About Texas Painter and Artist, Ken Arthur
From the time I could hold a pencil, I made art----the childhood drawings of dinosaurs and other wonderful monsters. On Saturday mornings, my brother, David, and I sat at the kitchen table, listening to the radio, and drawing---for hours. Then in elementary school, one of my buddies and I drew birds of prey like hawks and eagles and “other” birds of prey like fighter planes --- fighting each other or swooping down on their prey such as rabbits--or soldiers. That got the attention of the little girls---squealing at our “horrible” depictions. I liked that---all the attention and being able to draw so well.
I got the attention of my family as well. Mother would frame pieces of my work and hang them around our home. My grandparents gave me an art book for my eighth birthday. I grew up with encouragement to appreciate art. So, when my wife asked me to explain why I painted landscapes even though I had just explained my love for the outdoors because of its varied beauty and its harmonious ordering, I was stumped. I thought I had answered that question. She explained that some people would be satisfied with a photo of a particular place or the memory of it, maybe even a journal description ---but why would I paint it.
That was a question I had never asked myself because drawing and painting were second nature to me. They were something I had always done without giving them a thought. I loved doing art---I felt happy and calm and proud when I would draw or paint. My feelings talked that way, and I never questioned the process. When I got bored in the grade school classes, I drew pictorial maps of my grandparents’ home on the Bayou because remembering the oak tree we climbed or the butterflies we chased---or the snake grandpa ran after---kept me entertained which kept me from falling asleep and getting in trouble with the teacher. In adolescence, when all the confusing feelings popped up, I turned to oils and began painting still life and landscapes. For me, the process of producing art is calming, satisfying and gives me a sense of accomplishment.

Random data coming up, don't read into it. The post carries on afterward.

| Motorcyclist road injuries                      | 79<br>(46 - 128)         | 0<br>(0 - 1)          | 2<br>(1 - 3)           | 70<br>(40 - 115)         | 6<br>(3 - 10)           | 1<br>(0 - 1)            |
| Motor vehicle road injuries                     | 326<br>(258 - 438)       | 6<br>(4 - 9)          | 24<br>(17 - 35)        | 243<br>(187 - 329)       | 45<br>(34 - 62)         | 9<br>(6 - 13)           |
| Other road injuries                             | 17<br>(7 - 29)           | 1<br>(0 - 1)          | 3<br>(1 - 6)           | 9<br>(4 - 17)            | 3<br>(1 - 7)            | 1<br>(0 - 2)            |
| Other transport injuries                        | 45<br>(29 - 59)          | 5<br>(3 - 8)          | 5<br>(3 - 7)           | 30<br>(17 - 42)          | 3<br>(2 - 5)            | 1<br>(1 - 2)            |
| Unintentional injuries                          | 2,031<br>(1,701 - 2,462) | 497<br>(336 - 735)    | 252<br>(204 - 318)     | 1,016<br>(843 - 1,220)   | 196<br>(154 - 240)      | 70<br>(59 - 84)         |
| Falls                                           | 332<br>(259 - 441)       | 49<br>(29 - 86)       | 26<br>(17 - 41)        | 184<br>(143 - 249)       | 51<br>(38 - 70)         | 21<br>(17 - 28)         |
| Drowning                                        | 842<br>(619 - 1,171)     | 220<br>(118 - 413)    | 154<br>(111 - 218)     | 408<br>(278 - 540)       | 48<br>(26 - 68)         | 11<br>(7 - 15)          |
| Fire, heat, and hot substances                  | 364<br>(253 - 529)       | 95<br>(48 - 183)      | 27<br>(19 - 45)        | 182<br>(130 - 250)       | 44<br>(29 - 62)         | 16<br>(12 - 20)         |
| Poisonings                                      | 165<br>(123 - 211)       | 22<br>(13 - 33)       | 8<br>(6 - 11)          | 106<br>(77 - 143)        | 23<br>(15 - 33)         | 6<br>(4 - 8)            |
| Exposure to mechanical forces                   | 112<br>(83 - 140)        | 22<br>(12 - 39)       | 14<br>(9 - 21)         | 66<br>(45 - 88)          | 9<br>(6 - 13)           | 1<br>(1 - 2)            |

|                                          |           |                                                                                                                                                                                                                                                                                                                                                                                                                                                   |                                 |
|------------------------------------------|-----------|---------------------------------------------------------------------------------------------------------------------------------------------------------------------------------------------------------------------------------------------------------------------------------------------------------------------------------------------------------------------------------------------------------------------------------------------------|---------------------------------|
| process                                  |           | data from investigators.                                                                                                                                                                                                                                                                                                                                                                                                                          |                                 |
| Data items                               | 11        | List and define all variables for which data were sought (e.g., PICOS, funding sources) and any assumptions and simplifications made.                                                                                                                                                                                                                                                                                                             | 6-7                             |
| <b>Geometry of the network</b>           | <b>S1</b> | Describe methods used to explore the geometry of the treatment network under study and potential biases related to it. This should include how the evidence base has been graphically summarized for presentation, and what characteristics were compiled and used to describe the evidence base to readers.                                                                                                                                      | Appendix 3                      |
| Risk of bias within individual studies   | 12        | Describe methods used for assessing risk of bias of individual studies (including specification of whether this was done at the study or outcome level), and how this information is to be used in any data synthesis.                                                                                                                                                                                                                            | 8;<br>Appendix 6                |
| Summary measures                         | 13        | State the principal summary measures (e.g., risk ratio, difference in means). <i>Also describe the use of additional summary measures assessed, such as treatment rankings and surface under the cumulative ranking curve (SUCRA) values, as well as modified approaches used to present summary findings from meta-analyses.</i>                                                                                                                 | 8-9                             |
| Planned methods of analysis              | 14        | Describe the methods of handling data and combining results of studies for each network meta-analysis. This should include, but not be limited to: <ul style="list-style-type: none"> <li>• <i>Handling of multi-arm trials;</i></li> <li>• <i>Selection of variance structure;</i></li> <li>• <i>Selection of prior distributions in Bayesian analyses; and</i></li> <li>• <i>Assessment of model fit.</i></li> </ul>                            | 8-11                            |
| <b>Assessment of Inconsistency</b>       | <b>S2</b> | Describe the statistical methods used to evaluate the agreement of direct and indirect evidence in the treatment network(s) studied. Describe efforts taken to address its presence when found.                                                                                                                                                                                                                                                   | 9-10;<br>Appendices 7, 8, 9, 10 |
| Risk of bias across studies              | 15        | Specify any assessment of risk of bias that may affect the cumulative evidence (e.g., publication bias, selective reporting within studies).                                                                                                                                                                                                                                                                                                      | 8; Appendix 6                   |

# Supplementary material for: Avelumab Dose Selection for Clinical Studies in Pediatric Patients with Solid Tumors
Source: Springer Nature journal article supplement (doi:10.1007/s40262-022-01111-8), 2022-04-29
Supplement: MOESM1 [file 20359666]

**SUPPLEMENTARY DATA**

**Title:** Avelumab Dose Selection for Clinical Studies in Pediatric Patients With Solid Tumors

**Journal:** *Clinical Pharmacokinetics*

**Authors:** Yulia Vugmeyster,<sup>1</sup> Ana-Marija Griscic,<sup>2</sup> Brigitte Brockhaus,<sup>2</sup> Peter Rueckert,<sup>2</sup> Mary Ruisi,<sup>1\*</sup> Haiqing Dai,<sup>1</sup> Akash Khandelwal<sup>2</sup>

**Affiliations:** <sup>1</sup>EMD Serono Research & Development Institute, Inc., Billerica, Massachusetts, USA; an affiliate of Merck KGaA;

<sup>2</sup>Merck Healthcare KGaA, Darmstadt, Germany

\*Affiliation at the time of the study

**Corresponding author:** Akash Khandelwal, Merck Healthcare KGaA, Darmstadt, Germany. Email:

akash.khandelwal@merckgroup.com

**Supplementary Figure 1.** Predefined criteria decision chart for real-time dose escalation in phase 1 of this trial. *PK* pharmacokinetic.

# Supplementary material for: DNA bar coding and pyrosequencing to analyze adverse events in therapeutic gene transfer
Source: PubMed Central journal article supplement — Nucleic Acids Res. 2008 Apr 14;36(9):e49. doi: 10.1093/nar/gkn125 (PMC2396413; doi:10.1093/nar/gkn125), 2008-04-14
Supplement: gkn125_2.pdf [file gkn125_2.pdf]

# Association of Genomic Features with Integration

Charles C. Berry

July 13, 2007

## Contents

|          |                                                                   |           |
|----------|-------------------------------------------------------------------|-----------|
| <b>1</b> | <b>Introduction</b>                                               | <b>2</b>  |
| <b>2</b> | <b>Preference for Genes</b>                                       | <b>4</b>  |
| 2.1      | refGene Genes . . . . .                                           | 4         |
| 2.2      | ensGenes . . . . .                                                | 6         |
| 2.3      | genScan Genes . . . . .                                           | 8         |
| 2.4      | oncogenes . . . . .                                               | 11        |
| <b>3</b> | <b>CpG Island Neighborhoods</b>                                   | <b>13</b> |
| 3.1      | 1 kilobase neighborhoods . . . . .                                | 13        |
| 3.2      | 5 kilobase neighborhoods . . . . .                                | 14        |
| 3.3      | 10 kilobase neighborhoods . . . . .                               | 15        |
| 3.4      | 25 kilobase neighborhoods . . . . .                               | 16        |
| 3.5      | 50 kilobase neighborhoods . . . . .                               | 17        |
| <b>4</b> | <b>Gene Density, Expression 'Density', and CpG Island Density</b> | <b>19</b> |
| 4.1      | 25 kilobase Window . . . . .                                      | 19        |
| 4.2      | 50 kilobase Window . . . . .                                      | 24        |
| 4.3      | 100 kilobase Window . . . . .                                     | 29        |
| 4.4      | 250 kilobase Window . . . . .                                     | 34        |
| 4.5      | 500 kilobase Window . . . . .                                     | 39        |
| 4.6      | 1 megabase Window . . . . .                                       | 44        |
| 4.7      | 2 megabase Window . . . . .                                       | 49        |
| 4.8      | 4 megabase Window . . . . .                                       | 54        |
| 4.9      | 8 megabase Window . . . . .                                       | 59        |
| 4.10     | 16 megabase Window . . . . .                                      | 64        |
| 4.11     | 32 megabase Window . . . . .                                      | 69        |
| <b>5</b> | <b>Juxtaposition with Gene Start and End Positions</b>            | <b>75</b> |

I began learning the art of sculpting as an older artist. My sculpture pieces are more abstract than my paintings. I have done a series of small steel pieces based on the ancient Japanese art of Ikebana (arranging plant materials to symbolize heaven, man and earth). Also, I did a series of steel masks based on actual African pieces. A third style of sculpture I worked on was large outdoor mixed media pieces, composed of wood, cattle bones, metal objects, wires, etc. With these projects I was able to borrow from my architectural background.
For a recent art exhibit’s advertising (EAST 2016) I offered the following statement which sums up all I have been saying: "I like to paint landscapes because Nature excites me---its beauty and its danger---inclement weather, snakes, sharks, glorious sunsets, deep woods. As a former architect, I enjoy problem solving and the art of construction which both painting and sculpture provide."
My only regret: I’m not one of the Rolling Stones!
Education and Other Art Information
A.B. degree in Art and Architecture (1967)
The University of Texas at Austin:
Bachelor of Architecture (1969)
Bachelor of Fine Arts (Studio Art) (1993)
Austin Community College:
Associates Degree in Welding Technology (Art Metals) (1998)
Practiced Architecture until retirement in 2006.
Began shifting focus from Architecture to Art in mid-1990s.
Works of art have been sold through various museums, art galleries, juried shows, and many exhibits throughout Texas. A commissioned painting, Turn on the Lights (Battle of the Philippine Sea, WW II) is permanently housed at The Admiral Nimitz Center in Fredericksburg, Texas. Other paintings and sculptures are in private collections of individuals and corporations, such as the Austin law firms of Vinson & Elkins and Fulbright & Jaworski.
East Austin Studio Tour Artist Participation, 2014, 2015 and 2016
Click to enlarge
The Artist by Pam Arthur (Artist’s wife).
Comments and Endorsements
"Ken Arthur II, already a mini-master at thick oils on horizontal boards, expands his repertoire with paintings such as Red Sea which reduces red-brown waves into segmented folds."
Austin American Statesman
June 16, 2001
Re: AVAA Exhibit at Ramirez Gallery
From Art @ Large:
“…your artwork, McKinney Falls, was chosen as one of seven finalists in the competition…outstanding achievement since 52 art works were submitted by 30 artists.”
Vanessa Ronsonette, Executive Director
February 1, 1996
From Brad Bradford, December 29, 1997:
“Ken, have been to Nimitz some 5 or 6 times this year (1997). Have enjoyed pointing your painting out to many. And to think that I have one by the same artist on my wall!”
“Ken, your work is magnificent! Best Regards, Morton” Krumholz
From Sara Kennedy and Mark Fries, May 2013:
“…your (sculpture) gift was the absolute best of all!” and on December 6, 2015, “…Ken’s artwork. It is stunning!!”
From Mark Miller, August 2015:
“…impressive…great craftsmanship…great subject matter…Bravo!”
From Bruce Arthur, September 2015:
“Kim and I are thrilled with the Frankford Church drawing.”
For more original artwork by Ken, visit www.etsy.com/shop/artxarthur